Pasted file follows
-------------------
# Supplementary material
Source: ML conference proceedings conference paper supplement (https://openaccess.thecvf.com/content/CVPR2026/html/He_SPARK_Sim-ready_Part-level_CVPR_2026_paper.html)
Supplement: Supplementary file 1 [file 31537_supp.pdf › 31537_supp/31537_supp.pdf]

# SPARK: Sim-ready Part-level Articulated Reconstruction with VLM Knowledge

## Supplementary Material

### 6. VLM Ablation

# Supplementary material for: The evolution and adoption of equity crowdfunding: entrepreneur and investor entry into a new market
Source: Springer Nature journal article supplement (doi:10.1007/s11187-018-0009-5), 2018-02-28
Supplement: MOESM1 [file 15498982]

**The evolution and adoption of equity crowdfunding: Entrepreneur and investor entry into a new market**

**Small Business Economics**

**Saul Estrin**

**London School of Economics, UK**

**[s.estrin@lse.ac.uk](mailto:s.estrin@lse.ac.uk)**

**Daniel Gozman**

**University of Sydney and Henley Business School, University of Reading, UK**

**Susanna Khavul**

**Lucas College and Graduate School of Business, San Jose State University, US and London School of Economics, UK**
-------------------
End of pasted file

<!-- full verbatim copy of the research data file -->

# Supplementary material
Source: ML conference proceedings conference paper supplement (https://openaccess.thecvf.com/content/CVPR2026/html/He_SPARK_Sim-ready_Part-level_CVPR_2026_paper.html)
Supplement: Supplementary file 1 [file 31537_supp.pdf › 31537_supp/31537_supp.pdf]

# SPARK: Sim-ready Part-level Articulated Reconstruction with VLM Knowledge

## Supplementary Material

### 6. VLM Ablation

# Supplementary material for: The evolution and adoption of equity crowdfunding: entrepreneur and investor entry into a new market
Source: Springer Nature journal article supplement (doi:10.1007/s11187-018-0009-5), 2018-02-28
Supplement: MOESM1 [file 15498982]

**The evolution and adoption of equity crowdfunding: Entrepreneur and investor entry into a new market**

**Small Business Economics**

**Saul Estrin**

**London School of Economics, UK**

**[s.estrin@lse.ac.uk](mailto:s.estrin@lse.ac.uk)**

**Daniel Gozman**

**University of Sydney and Henley Business School, University of Reading, UK**

**Susanna Khavul**

**Lucas College and Graduate School of Business, San Jose State University, US and London School of Economics, UK**